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Cornelius Van Til: Reformed Apologist and Churchman

John R. Muether

Reviewed by: L. Anthony Curto

Date posted: 12/07/2008

Cornelius Van Til: Reformed Apologist and Churchman, by John R. Muether. Published by P&R Publishing, 2008. Hardback, 288 pages, list price 24.99. Reviewed by L. Anthony Curto, OP missionary and professor at Greenville Presbyterian Theological Seminary.

John Muether has done a real service to the cause of Reformed presuppositional apologetics. Many who hear the name of Cornelius Van Til think immediately of a philosopher—a Christian philosopher, to be sure—but a philosopher nonetheless. Muether points us in a different direction to help us understand this "prince of apologists." As the title of this biography suggests, it was Van Til's theology (Reformed) and ecclesiology (Presbyterian) that set the course for his labor in the cause of God and truth.

Muether traces the providence of God in Cornelius Van Til's life from the Netherlands, where he grew up in a pious family influenced by the secessionist Afscheiding movement of the Dutch Reformed Church, to the "fields of Northern Indiana," to Princeton, New Jersey, and finally to Erdenheim, Pennsylvania, where he died in 1987.

Muether opens up the life of Van Til for us against the background of his early pastoral ministry, the controversies that occupied his attention, the formation of the Orthodox Presbyterian Church, his involvement in establishing Westminster Theological Seminary, and his labors as professor of apologetics at that institution. In each of these circumstances, it was not Van Til's philosophical bent that drove him, but his love for Christ and Christ's church, and his desire to bring glory to God.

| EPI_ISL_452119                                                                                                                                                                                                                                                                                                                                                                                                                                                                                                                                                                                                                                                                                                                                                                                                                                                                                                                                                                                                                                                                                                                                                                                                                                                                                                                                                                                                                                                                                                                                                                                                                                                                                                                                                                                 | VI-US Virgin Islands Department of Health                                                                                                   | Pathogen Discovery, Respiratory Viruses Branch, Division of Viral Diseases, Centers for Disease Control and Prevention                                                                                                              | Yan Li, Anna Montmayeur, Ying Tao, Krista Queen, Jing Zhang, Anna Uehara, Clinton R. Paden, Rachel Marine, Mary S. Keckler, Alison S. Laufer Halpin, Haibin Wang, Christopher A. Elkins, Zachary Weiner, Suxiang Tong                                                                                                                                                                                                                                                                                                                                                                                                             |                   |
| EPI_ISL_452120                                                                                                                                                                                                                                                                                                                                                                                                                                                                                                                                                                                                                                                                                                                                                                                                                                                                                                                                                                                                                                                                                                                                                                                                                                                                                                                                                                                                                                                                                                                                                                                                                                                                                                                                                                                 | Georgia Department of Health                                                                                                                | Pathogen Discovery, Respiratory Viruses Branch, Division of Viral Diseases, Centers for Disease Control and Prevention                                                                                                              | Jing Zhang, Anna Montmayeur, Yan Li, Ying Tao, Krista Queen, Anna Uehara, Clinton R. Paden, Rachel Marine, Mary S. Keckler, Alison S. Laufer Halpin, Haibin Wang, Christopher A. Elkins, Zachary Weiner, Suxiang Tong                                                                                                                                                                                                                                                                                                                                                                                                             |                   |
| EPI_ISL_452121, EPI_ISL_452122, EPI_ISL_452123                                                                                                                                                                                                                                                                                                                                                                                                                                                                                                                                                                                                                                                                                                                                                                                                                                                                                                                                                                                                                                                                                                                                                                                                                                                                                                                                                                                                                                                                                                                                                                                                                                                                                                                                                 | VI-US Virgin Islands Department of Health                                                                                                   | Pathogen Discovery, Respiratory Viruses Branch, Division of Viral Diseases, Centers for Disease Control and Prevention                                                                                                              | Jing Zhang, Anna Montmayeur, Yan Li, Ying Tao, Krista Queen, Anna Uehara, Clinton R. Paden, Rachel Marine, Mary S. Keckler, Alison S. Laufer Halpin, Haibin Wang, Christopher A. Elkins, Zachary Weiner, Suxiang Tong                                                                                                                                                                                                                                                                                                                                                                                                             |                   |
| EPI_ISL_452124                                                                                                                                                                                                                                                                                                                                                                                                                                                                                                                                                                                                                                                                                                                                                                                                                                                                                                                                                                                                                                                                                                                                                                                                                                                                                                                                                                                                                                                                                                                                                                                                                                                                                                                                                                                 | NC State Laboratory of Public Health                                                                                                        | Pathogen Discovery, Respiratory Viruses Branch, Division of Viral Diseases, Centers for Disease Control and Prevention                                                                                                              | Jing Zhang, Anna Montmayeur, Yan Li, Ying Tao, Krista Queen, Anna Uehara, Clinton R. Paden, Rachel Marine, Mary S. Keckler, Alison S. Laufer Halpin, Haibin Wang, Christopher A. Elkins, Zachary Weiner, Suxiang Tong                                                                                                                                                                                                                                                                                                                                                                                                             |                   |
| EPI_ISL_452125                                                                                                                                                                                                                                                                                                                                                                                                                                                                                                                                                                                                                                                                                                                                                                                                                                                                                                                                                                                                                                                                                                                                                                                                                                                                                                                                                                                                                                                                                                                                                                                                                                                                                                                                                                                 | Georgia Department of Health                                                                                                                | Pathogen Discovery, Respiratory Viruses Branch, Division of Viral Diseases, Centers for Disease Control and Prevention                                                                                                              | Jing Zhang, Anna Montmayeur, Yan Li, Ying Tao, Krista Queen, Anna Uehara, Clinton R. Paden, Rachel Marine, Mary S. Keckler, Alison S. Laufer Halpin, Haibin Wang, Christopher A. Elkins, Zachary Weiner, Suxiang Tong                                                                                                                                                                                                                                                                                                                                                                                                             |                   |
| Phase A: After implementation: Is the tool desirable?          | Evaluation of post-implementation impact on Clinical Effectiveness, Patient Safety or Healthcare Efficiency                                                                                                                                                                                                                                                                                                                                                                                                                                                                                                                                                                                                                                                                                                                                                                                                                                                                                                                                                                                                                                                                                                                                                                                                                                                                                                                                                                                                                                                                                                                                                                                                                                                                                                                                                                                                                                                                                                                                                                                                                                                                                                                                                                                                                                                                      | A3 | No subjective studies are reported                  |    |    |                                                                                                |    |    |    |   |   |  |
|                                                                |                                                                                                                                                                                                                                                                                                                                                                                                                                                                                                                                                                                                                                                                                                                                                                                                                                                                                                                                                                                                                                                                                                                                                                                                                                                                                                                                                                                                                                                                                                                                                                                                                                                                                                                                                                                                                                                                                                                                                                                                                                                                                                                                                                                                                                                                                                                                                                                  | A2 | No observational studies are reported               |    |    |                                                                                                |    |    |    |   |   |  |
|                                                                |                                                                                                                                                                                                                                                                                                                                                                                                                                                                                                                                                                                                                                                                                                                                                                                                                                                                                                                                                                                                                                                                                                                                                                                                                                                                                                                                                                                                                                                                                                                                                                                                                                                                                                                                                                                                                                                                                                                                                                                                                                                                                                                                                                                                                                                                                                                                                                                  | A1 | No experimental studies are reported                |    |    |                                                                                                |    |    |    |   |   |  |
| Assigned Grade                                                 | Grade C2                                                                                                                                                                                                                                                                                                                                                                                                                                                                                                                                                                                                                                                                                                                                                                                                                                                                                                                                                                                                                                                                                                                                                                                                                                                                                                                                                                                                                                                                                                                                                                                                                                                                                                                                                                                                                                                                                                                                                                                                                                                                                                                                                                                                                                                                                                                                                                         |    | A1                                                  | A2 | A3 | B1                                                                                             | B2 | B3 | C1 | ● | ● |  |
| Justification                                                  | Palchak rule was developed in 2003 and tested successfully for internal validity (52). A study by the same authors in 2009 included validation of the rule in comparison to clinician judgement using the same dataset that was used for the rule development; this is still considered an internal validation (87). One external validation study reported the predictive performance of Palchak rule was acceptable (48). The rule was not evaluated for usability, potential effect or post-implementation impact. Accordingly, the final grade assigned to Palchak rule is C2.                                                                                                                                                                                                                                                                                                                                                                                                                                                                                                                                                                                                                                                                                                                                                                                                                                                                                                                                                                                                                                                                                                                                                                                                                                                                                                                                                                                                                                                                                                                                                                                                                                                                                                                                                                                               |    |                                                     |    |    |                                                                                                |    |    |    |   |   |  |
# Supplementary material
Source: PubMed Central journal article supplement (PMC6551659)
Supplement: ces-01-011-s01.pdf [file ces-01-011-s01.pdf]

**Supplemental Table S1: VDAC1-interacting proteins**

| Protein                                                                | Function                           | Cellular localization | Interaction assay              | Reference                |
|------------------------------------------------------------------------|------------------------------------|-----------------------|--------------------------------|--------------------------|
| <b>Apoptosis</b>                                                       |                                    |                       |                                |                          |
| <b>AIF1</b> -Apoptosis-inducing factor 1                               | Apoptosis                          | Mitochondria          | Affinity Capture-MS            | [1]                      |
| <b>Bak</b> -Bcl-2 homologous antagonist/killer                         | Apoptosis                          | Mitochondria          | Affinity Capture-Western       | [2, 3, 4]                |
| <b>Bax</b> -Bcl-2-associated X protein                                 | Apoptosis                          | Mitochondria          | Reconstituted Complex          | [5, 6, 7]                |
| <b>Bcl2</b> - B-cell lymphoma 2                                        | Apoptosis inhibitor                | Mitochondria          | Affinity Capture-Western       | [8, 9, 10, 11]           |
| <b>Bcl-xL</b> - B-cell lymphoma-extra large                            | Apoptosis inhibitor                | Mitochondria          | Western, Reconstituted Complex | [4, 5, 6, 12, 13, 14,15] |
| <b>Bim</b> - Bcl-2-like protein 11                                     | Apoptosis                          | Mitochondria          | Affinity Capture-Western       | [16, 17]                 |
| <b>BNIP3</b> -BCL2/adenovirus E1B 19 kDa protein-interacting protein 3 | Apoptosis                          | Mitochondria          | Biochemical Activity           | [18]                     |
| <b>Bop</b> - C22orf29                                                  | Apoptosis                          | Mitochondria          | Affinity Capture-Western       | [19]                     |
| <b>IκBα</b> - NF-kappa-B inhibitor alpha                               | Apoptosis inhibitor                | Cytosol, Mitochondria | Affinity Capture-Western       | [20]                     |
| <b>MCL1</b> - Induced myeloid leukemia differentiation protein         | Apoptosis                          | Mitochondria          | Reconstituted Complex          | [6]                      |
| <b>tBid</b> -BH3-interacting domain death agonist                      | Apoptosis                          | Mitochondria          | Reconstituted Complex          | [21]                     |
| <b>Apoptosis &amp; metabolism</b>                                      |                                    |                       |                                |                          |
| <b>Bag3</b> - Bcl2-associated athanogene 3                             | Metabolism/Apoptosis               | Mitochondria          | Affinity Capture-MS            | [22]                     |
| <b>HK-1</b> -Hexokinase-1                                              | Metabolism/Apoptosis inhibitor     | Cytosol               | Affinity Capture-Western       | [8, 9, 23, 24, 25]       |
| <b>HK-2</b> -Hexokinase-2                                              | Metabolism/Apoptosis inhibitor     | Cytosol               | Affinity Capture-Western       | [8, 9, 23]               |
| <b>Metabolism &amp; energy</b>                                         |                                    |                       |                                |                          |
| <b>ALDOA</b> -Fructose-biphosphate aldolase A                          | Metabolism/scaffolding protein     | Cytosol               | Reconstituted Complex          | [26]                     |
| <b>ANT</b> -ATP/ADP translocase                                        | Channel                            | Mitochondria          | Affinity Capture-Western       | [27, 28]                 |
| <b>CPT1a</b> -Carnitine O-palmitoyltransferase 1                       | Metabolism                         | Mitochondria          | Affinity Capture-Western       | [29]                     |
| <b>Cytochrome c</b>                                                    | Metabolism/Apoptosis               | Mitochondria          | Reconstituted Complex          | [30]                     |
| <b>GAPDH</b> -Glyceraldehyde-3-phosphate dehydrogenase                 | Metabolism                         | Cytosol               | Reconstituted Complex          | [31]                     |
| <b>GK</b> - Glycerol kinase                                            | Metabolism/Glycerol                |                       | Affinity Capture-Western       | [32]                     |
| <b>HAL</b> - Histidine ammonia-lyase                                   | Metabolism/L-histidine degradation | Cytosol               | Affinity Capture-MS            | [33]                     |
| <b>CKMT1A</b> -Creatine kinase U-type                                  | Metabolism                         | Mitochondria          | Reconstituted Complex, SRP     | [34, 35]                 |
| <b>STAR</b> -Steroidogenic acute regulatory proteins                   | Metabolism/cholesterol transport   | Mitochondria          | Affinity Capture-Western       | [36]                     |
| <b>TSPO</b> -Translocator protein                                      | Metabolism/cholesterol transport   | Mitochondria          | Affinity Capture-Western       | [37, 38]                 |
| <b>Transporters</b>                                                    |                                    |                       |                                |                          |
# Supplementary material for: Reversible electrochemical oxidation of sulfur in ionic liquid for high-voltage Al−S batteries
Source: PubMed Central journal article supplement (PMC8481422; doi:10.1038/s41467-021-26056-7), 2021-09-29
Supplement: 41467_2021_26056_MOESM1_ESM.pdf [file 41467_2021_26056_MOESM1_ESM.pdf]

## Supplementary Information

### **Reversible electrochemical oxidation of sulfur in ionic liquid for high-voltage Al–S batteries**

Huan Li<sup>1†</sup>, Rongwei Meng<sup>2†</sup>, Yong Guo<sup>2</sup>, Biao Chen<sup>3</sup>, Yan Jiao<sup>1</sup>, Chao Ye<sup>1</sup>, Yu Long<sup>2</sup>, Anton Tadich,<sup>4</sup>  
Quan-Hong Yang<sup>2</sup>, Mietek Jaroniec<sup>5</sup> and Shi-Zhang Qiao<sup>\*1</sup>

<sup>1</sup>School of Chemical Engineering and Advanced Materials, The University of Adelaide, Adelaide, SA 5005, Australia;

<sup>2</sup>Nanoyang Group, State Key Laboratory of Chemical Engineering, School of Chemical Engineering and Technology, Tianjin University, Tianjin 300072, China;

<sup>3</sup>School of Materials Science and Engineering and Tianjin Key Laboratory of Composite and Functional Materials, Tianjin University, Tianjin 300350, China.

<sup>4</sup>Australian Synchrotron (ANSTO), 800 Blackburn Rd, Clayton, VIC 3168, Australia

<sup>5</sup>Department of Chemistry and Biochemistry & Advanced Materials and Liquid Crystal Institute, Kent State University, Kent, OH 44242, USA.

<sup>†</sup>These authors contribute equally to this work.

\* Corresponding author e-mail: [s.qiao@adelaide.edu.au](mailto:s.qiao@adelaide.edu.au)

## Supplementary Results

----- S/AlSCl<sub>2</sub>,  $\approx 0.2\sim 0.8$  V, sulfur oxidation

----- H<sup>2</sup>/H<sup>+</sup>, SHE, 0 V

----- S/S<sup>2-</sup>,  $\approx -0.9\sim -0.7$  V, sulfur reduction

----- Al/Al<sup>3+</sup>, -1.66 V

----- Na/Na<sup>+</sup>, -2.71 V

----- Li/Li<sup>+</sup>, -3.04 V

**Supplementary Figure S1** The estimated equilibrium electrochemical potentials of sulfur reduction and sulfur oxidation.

For those who have read Van Til's writings, this biography will give new insight into the teaching of a Reformed apologist, especially his tract Why I Believe in God. For Presbyterian ministers and elders, it will give a heightened sense of what it means to be a churchman. For those who are unfamiliar with presuppositional apologetics, it will create a desire to explore more of this field of study.

When I first heard about this book, I was excited. I knew of Muether's love for Van Til and presuppositional apologetics. Also, Muether is the historian of the Orthodox Presbyterian Church, in which Van Til was a minister. Finally, Muether is a serious and qualified scholar. So I expected the book to be well worth the read, and I was not disappointed.

This biography of Cornelius Van Til is enlightening, thoughtful, soul searching, and compelling. You may not agree with every point that Muether makes, but you will be glad you read his book.

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